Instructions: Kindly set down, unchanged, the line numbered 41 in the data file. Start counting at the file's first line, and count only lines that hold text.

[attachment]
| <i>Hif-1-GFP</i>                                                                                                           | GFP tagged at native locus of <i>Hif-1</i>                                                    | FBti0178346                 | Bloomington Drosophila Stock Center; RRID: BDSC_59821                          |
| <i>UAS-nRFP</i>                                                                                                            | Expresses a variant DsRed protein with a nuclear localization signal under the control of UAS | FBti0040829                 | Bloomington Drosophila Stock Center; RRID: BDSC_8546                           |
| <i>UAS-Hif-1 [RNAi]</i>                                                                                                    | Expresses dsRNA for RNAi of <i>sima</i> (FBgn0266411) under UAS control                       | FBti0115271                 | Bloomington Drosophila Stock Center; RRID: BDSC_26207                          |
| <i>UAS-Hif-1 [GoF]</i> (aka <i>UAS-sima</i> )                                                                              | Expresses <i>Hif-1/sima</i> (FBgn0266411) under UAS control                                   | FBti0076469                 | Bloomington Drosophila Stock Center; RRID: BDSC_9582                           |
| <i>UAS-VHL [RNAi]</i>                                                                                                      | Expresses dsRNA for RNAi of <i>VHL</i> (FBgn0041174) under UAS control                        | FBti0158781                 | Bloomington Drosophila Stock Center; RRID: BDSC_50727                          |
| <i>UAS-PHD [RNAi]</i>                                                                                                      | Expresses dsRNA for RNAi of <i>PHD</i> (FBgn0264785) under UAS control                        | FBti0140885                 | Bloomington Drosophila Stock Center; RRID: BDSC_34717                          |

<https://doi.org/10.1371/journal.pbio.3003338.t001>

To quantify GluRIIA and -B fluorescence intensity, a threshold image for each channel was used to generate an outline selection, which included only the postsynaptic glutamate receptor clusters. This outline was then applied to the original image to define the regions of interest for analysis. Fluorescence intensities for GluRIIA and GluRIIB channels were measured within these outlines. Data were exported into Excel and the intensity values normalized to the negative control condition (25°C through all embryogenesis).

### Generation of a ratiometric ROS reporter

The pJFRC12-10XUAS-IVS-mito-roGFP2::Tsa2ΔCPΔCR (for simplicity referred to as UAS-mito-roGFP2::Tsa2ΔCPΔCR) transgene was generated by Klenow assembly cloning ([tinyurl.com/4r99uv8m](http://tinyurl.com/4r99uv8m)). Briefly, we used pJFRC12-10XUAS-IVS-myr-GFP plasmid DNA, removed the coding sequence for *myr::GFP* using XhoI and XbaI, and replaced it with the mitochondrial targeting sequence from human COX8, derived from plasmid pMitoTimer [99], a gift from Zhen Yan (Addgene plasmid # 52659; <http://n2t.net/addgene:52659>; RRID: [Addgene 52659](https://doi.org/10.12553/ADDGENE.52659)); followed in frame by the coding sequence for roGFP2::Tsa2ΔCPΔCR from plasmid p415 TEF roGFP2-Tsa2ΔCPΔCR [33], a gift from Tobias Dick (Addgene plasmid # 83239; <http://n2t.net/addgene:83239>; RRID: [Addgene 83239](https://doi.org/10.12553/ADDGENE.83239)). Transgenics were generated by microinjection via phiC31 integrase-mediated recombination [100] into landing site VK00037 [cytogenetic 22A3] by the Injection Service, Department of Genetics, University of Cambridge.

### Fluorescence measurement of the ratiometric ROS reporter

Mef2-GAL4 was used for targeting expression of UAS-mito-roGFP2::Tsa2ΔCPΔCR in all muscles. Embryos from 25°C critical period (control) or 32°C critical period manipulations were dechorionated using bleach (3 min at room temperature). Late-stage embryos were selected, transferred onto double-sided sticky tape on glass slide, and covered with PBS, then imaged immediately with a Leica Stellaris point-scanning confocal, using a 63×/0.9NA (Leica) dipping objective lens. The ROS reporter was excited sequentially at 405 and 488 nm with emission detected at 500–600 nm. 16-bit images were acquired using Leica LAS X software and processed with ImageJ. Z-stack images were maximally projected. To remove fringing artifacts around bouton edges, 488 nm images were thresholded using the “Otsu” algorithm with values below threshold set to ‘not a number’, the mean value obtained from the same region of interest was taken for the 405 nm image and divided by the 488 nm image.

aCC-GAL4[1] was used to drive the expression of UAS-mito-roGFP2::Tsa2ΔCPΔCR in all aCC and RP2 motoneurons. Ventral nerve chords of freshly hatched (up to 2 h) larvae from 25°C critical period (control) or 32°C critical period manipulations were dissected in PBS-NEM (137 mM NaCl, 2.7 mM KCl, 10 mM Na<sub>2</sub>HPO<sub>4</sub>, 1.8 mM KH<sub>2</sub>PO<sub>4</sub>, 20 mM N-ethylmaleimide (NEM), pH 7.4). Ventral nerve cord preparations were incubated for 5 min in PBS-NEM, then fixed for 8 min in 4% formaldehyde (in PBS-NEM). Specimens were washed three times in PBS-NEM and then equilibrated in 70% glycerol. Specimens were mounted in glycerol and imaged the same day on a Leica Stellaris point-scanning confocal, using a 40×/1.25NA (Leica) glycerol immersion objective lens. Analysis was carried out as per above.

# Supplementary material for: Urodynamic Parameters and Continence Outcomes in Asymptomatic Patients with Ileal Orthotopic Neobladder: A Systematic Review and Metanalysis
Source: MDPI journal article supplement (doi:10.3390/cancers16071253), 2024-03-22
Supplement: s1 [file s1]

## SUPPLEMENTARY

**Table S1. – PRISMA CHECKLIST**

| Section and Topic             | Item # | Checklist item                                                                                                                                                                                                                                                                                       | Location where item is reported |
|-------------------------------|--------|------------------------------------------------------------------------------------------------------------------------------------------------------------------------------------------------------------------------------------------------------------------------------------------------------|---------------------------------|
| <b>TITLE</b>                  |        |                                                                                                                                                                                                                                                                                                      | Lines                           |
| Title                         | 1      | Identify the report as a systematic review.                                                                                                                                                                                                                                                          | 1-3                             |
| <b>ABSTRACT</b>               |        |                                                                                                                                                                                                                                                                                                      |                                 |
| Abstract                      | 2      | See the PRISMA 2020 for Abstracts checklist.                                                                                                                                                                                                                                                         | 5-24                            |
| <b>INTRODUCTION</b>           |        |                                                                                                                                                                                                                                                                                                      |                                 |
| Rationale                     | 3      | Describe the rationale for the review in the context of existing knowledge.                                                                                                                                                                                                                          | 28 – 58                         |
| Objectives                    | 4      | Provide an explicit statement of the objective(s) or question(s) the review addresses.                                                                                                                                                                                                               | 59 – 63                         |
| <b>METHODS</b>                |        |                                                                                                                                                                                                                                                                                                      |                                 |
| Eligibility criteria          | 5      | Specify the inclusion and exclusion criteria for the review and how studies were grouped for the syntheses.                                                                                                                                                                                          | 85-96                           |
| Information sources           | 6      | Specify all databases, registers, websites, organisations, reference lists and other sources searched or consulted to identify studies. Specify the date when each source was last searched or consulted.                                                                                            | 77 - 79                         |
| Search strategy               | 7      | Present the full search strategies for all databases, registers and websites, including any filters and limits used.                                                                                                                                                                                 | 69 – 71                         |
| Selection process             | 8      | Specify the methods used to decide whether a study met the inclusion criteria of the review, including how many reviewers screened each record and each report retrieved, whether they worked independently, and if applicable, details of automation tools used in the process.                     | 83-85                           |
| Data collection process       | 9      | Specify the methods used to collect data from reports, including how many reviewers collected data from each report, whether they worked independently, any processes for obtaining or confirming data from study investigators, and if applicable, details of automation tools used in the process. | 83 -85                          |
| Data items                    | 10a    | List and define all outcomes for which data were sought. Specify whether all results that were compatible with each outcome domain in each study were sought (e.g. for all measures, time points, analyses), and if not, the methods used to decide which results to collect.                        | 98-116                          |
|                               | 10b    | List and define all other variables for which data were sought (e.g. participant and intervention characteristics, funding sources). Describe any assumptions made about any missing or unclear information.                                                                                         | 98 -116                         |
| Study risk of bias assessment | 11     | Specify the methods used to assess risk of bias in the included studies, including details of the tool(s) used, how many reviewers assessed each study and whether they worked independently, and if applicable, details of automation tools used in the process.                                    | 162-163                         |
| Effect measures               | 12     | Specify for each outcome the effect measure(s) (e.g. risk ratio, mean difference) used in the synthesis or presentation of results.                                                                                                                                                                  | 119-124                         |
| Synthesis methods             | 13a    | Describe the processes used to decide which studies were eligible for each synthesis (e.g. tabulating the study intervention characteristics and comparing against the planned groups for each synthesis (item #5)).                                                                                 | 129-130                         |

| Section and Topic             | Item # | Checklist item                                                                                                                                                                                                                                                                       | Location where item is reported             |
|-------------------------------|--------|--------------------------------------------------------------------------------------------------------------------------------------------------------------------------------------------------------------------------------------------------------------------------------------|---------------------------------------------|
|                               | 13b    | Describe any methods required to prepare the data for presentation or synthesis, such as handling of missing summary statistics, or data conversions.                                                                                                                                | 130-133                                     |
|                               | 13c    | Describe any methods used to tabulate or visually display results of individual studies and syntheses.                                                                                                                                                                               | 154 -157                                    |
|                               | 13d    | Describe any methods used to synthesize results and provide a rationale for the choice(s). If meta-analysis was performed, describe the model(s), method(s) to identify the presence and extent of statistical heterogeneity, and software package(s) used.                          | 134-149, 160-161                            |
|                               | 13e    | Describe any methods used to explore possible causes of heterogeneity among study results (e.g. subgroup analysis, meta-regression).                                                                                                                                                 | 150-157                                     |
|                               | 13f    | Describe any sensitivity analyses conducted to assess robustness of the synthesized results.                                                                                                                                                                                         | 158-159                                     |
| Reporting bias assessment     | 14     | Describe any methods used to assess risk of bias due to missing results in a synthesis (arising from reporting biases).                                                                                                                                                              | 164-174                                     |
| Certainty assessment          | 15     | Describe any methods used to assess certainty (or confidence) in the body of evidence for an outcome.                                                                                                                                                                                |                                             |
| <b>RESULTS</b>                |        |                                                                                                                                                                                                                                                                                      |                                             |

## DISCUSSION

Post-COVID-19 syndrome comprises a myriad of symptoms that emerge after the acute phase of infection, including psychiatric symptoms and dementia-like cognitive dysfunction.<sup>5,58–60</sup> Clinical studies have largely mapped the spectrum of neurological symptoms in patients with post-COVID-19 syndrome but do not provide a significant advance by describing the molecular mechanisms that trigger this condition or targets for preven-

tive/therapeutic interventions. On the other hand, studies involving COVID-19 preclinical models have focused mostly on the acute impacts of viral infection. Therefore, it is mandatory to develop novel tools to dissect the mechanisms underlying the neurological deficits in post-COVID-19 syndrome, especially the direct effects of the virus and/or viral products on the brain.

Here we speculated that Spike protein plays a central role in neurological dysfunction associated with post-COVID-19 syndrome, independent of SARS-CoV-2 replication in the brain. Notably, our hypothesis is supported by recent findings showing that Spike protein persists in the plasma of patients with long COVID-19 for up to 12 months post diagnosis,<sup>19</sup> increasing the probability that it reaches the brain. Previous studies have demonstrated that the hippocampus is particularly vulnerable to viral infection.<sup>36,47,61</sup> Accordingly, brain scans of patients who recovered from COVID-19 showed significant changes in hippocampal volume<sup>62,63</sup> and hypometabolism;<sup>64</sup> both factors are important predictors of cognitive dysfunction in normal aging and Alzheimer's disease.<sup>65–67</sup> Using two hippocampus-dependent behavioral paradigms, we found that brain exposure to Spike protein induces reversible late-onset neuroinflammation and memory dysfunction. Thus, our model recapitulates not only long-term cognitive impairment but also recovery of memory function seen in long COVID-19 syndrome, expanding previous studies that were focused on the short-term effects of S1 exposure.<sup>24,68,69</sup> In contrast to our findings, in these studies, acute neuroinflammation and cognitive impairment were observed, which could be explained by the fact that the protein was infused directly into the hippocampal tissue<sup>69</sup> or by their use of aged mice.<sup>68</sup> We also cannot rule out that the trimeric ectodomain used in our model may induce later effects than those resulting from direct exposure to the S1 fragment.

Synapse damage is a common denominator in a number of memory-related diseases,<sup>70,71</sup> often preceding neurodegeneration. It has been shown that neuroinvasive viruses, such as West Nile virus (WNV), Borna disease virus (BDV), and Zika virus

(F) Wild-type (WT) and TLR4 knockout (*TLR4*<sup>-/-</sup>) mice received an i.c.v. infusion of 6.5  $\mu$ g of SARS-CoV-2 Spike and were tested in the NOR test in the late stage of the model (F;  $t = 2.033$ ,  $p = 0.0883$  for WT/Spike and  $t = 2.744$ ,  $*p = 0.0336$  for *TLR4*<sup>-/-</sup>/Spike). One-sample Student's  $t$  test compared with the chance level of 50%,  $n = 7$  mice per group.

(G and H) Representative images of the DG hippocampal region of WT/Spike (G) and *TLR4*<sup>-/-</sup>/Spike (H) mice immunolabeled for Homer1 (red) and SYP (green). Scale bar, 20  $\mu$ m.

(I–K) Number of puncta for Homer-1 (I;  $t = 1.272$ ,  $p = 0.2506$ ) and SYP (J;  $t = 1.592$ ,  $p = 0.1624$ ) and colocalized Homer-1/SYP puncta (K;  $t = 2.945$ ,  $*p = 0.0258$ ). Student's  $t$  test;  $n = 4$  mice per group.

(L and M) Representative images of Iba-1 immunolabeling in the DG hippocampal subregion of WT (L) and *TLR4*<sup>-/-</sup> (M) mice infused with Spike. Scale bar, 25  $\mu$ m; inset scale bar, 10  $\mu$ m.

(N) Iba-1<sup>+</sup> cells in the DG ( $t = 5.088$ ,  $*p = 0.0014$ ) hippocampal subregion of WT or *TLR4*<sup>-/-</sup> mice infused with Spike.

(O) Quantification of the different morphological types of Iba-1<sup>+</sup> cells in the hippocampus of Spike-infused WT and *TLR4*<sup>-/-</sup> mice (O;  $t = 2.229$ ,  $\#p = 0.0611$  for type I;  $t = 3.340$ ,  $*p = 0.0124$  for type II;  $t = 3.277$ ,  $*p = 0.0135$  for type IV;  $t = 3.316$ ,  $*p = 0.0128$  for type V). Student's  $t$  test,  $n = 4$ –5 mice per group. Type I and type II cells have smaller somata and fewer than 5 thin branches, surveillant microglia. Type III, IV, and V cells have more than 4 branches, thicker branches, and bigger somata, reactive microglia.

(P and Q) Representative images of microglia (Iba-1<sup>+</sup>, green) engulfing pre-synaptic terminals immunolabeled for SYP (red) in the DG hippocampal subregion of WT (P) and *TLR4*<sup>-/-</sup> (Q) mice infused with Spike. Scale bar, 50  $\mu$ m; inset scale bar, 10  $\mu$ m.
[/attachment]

|                               | 13b    | Describe any methods required to prepare the data for presentation or synthesis, such as handling of missing summary statistics, or data conversions.                                                                                                                                | 130-133                                     |